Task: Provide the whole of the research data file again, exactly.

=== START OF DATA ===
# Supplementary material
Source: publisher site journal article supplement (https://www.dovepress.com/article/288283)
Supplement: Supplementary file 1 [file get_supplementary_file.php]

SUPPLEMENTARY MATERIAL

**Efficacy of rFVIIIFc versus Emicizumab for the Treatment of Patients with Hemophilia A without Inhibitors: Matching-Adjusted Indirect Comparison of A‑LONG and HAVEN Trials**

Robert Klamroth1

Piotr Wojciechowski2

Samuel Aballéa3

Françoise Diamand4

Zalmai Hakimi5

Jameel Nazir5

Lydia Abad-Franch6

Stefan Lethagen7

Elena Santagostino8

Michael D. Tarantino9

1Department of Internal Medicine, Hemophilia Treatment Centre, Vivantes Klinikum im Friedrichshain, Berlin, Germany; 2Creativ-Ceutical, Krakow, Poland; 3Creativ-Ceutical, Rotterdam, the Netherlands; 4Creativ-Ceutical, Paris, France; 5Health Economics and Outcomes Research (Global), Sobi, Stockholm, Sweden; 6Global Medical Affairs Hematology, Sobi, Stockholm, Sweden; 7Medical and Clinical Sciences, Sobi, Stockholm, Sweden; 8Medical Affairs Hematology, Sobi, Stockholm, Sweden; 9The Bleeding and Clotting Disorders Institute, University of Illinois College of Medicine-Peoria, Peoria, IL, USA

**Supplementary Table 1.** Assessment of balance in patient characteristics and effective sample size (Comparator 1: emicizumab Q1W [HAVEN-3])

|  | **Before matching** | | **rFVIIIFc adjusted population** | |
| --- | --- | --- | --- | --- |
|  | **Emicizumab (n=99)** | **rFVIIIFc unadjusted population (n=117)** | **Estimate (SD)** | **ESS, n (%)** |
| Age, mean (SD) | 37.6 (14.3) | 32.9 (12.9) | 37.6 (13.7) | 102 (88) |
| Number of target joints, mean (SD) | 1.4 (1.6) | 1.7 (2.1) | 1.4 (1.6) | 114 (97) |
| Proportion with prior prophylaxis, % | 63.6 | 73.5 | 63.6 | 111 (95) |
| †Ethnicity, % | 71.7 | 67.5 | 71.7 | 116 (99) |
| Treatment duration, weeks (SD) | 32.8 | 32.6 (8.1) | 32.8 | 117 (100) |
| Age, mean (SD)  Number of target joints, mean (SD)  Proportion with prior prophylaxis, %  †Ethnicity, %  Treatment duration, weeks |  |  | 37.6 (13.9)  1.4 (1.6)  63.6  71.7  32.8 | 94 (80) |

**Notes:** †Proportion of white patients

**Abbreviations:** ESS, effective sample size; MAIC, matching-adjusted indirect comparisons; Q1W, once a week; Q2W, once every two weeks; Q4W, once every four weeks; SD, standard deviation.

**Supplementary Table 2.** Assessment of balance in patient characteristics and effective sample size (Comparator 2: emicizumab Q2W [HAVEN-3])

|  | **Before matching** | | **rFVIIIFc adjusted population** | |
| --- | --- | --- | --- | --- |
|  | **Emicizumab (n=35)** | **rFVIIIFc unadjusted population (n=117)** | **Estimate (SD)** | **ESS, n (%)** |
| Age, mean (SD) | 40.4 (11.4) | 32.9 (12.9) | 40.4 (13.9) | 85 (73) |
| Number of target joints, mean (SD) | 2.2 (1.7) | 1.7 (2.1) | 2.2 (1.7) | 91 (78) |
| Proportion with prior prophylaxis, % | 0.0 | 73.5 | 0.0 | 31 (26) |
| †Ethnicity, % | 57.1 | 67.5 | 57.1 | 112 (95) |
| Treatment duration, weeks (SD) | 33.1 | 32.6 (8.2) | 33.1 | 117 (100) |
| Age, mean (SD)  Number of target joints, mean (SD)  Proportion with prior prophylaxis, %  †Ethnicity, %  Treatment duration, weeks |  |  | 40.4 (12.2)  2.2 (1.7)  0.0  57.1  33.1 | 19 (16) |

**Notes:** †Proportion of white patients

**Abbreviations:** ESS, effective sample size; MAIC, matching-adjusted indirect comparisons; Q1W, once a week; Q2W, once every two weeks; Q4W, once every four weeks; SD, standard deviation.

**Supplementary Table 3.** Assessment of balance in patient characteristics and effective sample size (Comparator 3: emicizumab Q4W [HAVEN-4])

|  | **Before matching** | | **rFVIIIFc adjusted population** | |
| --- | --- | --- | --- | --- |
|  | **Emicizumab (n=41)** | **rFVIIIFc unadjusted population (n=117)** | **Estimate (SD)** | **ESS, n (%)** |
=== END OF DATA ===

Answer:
# Supplementary material
Source: publisher site journal article supplement (https://www.dovepress.com/article/288283)
Supplement: Supplementary file 1 [file get_supplementary_file.php]

SUPPLEMENTARY MATERIAL

**Efficacy of rFVIIIFc versus Emicizumab for the Treatment of Patients with Hemophilia A without Inhibitors: Matching-Adjusted Indirect Comparison of A‑LONG and HAVEN Trials**

Robert Klamroth1

Piotr Wojciechowski2

Samuel Aballéa3

Françoise Diamand4

Zalmai Hakimi5

Jameel Nazir5

Lydia Abad-Franch6

Stefan Lethagen7

Elena Santagostino8

Michael D. Tarantino9

1Department of Internal Medicine, Hemophilia Treatment Centre, Vivantes Klinikum im Friedrichshain, Berlin, Germany; 2Creativ-Ceutical, Krakow, Poland; 3Creativ-Ceutical, Rotterdam, the Netherlands; 4Creativ-Ceutical, Paris, France; 5Health Economics and Outcomes Research (Global), Sobi, Stockholm, Sweden; 6Global Medical Affairs Hematology, Sobi, Stockholm, Sweden; 7Medical and Clinical Sciences, Sobi, Stockholm, Sweden; 8Medical Affairs Hematology, Sobi, Stockholm, Sweden; 9The Bleeding and Clotting Disorders Institute, University of Illinois College of Medicine-Peoria, Peoria, IL, USA

**Supplementary Table 1.** Assessment of balance in patient characteristics and effective sample size (Comparator 1: emicizumab Q1W [HAVEN-3])

|  | **Before matching** | | **rFVIIIFc adjusted population** | |
| --- | --- | --- | --- | --- |
|  | **Emicizumab (n=99)** | **rFVIIIFc unadjusted population (n=117)** | **Estimate (SD)** | **ESS, n (%)** |
| Age, mean (SD) | 37.6 (14.3) | 32.9 (12.9) | 37.6 (13.7) | 102 (88) |
| Number of target joints, mean (SD) | 1.4 (1.6) | 1.7 (2.1) | 1.4 (1.6) | 114 (97) |
| Proportion with prior prophylaxis, % | 63.6 | 73.5 | 63.6 | 111 (95) |
| †Ethnicity, % | 71.7 | 67.5 | 71.7 | 116 (99) |
| Treatment duration, weeks (SD) | 32.8 | 32.6 (8.1) | 32.8 | 117 (100) |
| Age, mean (SD)  Number of target joints, mean (SD)  Proportion with prior prophylaxis, %  †Ethnicity, %  Treatment duration, weeks |  |  | 37.6 (13.9)  1.4 (1.6)  63.6  71.7  32.8 | 94 (80) |

**Notes:** †Proportion of white patients

**Abbreviations:** ESS, effective sample size; MAIC, matching-adjusted indirect comparisons; Q1W, once a week; Q2W, once every two weeks; Q4W, once every four weeks; SD, standard deviation.

**Supplementary Table 2.** Assessment of balance in patient characteristics and effective sample size (Comparator 2: emicizumab Q2W [HAVEN-3])

|  | **Before matching** | | **rFVIIIFc adjusted population** | |
| --- | --- | --- | --- | --- |
|  | **Emicizumab (n=35)** | **rFVIIIFc unadjusted population (n=117)** | **Estimate (SD)** | **ESS, n (%)** |
| Age, mean (SD) | 40.4 (11.4) | 32.9 (12.9) | 40.4 (13.9) | 85 (73) |
| Number of target joints, mean (SD) | 2.2 (1.7) | 1.7 (2.1) | 2.2 (1.7) | 91 (78) |
| Proportion with prior prophylaxis, % | 0.0 | 73.5 | 0.0 | 31 (26) |
| †Ethnicity, % | 57.1 | 67.5 | 57.1 | 112 (95) |
| Treatment duration, weeks (SD) | 33.1 | 32.6 (8.2) | 33.1 | 117 (100) |
| Age, mean (SD)  Number of target joints, mean (SD)  Proportion with prior prophylaxis, %  †Ethnicity, %  Treatment duration, weeks |  |  | 40.4 (12.2)  2.2 (1.7)  0.0  57.1  33.1 | 19 (16) |

**Notes:** †Proportion of white patients

**Abbreviations:** ESS, effective sample size; MAIC, matching-adjusted indirect comparisons; Q1W, once a week; Q2W, once every two weeks; Q4W, once every four weeks; SD, standard deviation.

**Supplementary Table 3.** Assessment of balance in patient characteristics and effective sample size (Comparator 3: emicizumab Q4W [HAVEN-4])

|  | **Before matching** | | **rFVIIIFc adjusted population** | |
| --- | --- | --- | --- | --- |
|  | **Emicizumab (n=41)** | **rFVIIIFc unadjusted population (n=117)** | **Estimate (SD)** | **ESS, n (%)** |